Saturday, 5 November 2011

The grid of n-factor numbers

So in the previous post I showed a grid of composite numbers of the form 6n+/-1, and also looked at the problem of using it to look at prime patterns.

What I tried next isn't a complete solution to this problem, but I think it brings a bit more clarity to the grid and makes it more visually useful. Instead of the slightly confusing overlaying of rectangles of n-multiples, I used a different colour scheme, and graded the numbers according to how many factors they have. In this image, prime numbers are pink, semi-primes (numbers with 2 factors such as 25, 35, 49, 55 etc) are yellow, 3-factor numbers are green, 4-factor numbers are blue, 5-factor numbers are red, and the one 6-factor number (21875) is purple. (I've only shown the (6n+1)(6n-1) region, but this pattern would extend over the whole grid.)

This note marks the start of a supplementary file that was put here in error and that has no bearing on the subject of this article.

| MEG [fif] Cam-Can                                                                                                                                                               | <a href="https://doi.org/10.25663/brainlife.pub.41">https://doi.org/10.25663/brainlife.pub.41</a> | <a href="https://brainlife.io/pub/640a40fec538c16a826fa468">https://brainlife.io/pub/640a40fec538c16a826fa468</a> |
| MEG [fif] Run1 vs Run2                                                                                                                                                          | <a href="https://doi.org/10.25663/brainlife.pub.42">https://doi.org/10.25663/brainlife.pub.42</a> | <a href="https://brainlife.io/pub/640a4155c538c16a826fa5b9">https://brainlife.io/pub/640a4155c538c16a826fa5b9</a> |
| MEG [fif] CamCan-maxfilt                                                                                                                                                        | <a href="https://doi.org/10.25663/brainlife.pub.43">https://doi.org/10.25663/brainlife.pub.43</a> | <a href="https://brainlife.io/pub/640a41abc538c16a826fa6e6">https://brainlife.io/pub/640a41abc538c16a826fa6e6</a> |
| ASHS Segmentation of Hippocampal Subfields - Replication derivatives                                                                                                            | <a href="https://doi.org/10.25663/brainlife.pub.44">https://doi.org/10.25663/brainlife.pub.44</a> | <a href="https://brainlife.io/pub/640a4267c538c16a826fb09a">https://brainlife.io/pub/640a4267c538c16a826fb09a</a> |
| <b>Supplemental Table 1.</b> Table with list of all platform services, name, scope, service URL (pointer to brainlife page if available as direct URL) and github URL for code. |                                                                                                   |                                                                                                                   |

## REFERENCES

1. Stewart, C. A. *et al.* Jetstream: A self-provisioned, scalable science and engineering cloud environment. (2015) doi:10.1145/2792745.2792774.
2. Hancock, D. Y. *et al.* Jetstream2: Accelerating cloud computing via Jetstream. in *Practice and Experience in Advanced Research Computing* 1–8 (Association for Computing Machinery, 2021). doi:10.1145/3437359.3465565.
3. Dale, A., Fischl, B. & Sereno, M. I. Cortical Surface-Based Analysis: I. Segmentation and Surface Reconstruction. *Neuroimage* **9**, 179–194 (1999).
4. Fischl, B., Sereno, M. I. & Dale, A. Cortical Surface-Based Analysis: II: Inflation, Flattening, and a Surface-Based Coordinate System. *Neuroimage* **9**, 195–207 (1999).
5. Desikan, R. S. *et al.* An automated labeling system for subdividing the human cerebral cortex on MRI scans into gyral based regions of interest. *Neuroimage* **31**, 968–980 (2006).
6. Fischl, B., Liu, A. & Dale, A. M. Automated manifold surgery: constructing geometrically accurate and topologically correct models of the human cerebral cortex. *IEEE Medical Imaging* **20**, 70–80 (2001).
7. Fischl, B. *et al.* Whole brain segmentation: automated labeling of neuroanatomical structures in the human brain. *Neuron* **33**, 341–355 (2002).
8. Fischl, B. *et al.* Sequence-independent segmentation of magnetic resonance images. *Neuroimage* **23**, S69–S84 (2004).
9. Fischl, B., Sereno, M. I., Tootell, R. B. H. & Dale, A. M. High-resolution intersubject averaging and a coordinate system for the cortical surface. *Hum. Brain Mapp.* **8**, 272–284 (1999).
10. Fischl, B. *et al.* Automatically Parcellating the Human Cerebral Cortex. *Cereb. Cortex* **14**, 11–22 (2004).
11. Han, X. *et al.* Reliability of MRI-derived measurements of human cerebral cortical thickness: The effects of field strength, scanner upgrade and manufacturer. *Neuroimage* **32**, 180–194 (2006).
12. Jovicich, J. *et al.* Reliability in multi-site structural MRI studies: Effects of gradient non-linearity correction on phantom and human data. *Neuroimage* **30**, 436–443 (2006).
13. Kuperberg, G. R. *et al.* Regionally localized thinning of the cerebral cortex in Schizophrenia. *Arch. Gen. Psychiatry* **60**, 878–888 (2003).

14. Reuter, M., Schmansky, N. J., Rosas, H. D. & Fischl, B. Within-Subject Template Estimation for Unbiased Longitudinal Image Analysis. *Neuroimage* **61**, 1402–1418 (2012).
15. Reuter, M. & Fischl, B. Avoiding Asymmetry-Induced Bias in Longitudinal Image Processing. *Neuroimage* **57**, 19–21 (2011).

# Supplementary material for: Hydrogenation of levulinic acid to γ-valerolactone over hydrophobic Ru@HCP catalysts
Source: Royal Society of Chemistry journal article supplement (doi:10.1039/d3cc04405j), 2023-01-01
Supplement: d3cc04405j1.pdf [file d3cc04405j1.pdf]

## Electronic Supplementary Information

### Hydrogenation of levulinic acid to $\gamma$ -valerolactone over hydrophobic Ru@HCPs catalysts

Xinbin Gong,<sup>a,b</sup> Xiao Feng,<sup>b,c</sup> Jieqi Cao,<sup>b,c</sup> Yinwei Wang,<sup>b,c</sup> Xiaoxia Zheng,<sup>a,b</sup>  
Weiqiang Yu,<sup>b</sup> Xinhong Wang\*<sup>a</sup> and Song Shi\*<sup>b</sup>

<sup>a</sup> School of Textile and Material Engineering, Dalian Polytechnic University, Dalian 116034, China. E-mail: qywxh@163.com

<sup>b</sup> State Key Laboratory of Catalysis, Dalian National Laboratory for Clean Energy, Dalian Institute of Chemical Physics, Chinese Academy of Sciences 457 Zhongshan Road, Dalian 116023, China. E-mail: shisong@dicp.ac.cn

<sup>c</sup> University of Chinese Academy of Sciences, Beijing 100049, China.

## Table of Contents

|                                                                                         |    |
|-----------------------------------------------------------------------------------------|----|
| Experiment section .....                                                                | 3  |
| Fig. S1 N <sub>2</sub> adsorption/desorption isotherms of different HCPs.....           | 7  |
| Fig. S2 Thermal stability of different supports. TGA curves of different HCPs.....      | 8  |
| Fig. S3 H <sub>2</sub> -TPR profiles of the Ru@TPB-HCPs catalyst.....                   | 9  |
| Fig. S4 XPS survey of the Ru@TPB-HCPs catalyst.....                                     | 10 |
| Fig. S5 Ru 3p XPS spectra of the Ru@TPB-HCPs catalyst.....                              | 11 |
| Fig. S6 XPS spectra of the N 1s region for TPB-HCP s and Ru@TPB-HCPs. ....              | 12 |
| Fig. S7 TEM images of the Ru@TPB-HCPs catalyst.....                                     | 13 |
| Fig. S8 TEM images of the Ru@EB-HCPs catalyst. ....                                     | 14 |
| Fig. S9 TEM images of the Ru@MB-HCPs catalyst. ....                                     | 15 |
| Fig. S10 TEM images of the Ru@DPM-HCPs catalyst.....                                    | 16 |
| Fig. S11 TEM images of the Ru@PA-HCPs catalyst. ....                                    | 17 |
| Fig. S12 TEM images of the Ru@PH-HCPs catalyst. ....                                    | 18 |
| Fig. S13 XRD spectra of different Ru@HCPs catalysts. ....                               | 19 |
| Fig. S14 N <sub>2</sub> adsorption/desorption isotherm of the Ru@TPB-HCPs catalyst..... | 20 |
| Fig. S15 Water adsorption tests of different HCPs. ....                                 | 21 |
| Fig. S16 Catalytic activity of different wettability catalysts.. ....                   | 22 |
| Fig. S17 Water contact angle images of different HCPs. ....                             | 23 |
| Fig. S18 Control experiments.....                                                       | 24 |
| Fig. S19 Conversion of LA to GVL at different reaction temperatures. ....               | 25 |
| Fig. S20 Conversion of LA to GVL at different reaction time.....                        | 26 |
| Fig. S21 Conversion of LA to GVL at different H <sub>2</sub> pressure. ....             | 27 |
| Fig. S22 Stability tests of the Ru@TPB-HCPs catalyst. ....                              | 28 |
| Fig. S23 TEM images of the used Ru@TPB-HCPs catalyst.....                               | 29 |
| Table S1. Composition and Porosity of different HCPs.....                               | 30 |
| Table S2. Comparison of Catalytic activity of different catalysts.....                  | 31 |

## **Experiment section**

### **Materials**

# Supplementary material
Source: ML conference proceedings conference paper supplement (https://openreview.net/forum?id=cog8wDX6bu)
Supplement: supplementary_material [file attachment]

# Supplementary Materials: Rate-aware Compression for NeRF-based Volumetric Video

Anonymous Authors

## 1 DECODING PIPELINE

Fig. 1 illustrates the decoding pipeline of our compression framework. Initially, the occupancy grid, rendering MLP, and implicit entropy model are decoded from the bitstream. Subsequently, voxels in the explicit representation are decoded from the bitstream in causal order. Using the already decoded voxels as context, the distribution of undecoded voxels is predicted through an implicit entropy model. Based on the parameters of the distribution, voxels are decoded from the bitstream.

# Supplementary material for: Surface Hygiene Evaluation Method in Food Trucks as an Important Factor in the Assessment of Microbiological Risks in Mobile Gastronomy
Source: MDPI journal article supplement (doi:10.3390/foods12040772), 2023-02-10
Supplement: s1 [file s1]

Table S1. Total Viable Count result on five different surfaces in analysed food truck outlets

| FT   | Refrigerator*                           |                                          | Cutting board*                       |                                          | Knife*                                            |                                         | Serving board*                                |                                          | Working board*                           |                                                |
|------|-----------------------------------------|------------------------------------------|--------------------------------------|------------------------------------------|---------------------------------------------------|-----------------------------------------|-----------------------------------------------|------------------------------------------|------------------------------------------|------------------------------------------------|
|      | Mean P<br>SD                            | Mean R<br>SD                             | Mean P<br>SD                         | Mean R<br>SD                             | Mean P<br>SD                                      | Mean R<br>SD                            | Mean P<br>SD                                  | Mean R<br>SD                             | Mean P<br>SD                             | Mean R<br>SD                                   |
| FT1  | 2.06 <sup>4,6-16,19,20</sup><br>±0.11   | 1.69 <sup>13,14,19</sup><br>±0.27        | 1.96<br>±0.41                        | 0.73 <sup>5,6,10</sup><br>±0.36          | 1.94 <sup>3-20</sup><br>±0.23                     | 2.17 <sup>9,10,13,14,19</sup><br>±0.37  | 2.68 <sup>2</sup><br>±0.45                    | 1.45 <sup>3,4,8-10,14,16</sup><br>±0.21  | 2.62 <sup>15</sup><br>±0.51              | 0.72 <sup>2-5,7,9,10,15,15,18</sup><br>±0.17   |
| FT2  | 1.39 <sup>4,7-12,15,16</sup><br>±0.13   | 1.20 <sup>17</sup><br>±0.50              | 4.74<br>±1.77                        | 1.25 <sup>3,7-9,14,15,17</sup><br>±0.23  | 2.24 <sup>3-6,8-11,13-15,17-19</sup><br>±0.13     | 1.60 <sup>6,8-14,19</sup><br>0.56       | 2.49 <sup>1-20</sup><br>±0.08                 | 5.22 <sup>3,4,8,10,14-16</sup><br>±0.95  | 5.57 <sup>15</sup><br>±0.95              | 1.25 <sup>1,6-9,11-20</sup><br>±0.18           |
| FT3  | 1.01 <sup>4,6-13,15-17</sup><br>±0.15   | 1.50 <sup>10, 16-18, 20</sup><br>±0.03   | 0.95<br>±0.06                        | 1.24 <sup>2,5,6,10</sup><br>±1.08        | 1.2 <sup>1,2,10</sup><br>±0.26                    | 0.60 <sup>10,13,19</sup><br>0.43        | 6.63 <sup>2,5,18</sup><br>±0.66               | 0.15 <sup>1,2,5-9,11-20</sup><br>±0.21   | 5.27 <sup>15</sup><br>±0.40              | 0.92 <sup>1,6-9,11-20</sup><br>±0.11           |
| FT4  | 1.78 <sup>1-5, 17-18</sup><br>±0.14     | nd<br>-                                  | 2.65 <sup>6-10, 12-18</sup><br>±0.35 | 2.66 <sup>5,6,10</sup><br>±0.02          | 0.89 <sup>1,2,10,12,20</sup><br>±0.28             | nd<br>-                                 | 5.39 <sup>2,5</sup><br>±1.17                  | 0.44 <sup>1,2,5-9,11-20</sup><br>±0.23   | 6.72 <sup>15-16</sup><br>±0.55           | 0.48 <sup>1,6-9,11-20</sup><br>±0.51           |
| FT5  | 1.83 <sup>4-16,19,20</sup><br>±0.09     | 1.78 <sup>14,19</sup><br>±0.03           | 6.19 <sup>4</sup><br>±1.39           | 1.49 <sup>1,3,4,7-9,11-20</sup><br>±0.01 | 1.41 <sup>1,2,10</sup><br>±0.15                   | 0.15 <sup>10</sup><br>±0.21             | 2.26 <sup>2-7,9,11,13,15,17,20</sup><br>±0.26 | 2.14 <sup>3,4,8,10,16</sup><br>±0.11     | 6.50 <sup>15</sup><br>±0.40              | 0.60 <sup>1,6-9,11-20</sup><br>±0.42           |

We still see a similarly fractal pattern starting to emerge. In the next post I will talk about the distribution of semi-primes on this grid, and what we can know about how it will develop.